Introduction Analyses of gene expression and function, genetic networks, population polymorphisms, and genome organization at the whole genome level have enabled research on previously intractable questions (reviewed in Wolfe and Li, 2003). Among plant lineages, genomic approaches have been most widely applied in the angiosperms, where significant resources have been developed. Angiosperm studies utilizing genome scale analyses have made several important advances, including the identification of an extensive history of genome duplications (Blanc et al., 2003; Schlueter et al., 2004; Cui et al., 2006), progress in understanding flower development and evolution (Doust et al., 2005; Whibley et al., 2006), characterization of the genetics underlying speciation and adaptation (Bradshaw and Schemske, 2003; Rieseberg et al., 2003; Lai et al., 2005; Eyre-Walker, 2006), the identification and mapping of recombination hot spots (Drouaud et al., 2006), and the discovery and role of microRNAs (Bartel and Bartel, 2003; Bartel, 2004). Genomic analyses will undoubtedly continue to provide tests of longstanding questions and offer novel perspectives in biology. For example, modern genomic analyses are capable of explaining the origin of the exceptionally high chromosome numbers of homosporous ferns and lycophytes, a result that will shed light on eukaryotic genome organization and evolution. Although there are rich biological and taxonomic resources for ferns and lycophytes, the genomics of these seed-free plants is still in its infancy, and the tools necessary for genomic studies lag behind those available for seed plants. The first homosporous fern linkage map was published only recently (Nakazato et al., 2006), whereas a large number of linkage maps for seed plants have accumulated since the 1980s.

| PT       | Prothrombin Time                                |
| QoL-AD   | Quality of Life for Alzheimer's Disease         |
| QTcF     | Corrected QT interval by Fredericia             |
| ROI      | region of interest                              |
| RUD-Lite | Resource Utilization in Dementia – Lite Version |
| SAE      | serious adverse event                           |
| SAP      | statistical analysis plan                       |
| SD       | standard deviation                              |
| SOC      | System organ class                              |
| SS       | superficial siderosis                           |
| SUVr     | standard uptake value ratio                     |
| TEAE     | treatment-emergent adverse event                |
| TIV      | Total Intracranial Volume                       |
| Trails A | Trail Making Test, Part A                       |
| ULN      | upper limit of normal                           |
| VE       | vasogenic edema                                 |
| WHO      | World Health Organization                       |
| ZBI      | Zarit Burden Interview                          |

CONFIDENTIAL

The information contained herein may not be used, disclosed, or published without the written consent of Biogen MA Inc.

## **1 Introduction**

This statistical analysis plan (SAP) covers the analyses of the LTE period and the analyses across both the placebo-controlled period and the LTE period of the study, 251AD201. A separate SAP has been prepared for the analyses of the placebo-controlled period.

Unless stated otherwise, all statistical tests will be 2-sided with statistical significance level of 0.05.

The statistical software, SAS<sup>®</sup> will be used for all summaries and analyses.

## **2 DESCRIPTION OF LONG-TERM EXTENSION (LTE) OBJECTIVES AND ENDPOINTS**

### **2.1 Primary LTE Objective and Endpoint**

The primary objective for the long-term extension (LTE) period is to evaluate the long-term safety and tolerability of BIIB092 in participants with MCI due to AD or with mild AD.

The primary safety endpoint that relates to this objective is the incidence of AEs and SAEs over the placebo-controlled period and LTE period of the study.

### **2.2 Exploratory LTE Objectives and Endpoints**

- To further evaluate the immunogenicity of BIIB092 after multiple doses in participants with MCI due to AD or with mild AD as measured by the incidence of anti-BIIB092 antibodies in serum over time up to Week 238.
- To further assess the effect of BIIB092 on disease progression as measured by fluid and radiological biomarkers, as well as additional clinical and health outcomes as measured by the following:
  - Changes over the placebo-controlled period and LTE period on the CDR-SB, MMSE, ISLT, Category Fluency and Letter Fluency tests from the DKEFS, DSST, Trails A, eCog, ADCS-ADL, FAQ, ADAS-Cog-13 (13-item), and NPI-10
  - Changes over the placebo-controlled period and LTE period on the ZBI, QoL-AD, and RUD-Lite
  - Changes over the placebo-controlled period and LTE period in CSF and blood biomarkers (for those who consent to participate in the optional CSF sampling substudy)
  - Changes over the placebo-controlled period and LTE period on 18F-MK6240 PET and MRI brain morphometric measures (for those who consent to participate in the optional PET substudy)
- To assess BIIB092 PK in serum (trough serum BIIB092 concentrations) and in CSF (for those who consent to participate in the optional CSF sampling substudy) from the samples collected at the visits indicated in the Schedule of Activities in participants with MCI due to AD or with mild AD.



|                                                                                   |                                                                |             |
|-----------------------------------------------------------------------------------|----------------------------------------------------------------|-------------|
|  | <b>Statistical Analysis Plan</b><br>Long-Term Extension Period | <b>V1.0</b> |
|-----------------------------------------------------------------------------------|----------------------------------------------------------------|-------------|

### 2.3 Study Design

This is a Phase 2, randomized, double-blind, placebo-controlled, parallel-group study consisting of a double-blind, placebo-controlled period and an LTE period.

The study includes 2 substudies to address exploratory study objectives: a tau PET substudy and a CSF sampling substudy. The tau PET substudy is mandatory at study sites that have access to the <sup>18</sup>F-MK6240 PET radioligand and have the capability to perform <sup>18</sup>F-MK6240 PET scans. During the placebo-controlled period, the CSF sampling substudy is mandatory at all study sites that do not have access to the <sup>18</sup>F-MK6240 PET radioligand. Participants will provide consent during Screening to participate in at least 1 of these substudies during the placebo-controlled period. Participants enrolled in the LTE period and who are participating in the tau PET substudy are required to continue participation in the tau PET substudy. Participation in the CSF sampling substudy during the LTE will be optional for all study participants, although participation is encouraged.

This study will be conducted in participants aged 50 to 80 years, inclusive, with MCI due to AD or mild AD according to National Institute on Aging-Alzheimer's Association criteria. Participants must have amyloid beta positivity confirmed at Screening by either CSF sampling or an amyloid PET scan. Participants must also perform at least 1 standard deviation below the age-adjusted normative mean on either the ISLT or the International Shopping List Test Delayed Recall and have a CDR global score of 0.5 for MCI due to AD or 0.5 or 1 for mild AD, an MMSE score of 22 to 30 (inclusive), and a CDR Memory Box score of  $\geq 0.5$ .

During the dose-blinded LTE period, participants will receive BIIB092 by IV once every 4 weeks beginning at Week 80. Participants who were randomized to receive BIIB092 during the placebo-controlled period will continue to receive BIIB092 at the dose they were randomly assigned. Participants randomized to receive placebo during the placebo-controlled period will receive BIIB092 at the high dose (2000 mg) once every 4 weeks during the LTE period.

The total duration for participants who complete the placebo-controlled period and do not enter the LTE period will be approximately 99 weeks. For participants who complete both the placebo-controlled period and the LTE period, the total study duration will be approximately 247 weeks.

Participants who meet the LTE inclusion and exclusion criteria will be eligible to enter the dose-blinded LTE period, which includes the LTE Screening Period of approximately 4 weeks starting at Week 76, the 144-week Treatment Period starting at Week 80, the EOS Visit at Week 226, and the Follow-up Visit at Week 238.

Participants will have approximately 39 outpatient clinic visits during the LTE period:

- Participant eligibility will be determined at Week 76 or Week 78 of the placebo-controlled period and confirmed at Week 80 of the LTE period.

ASJC Scopus subject areas
- Agricultural and Biological Sciences(all)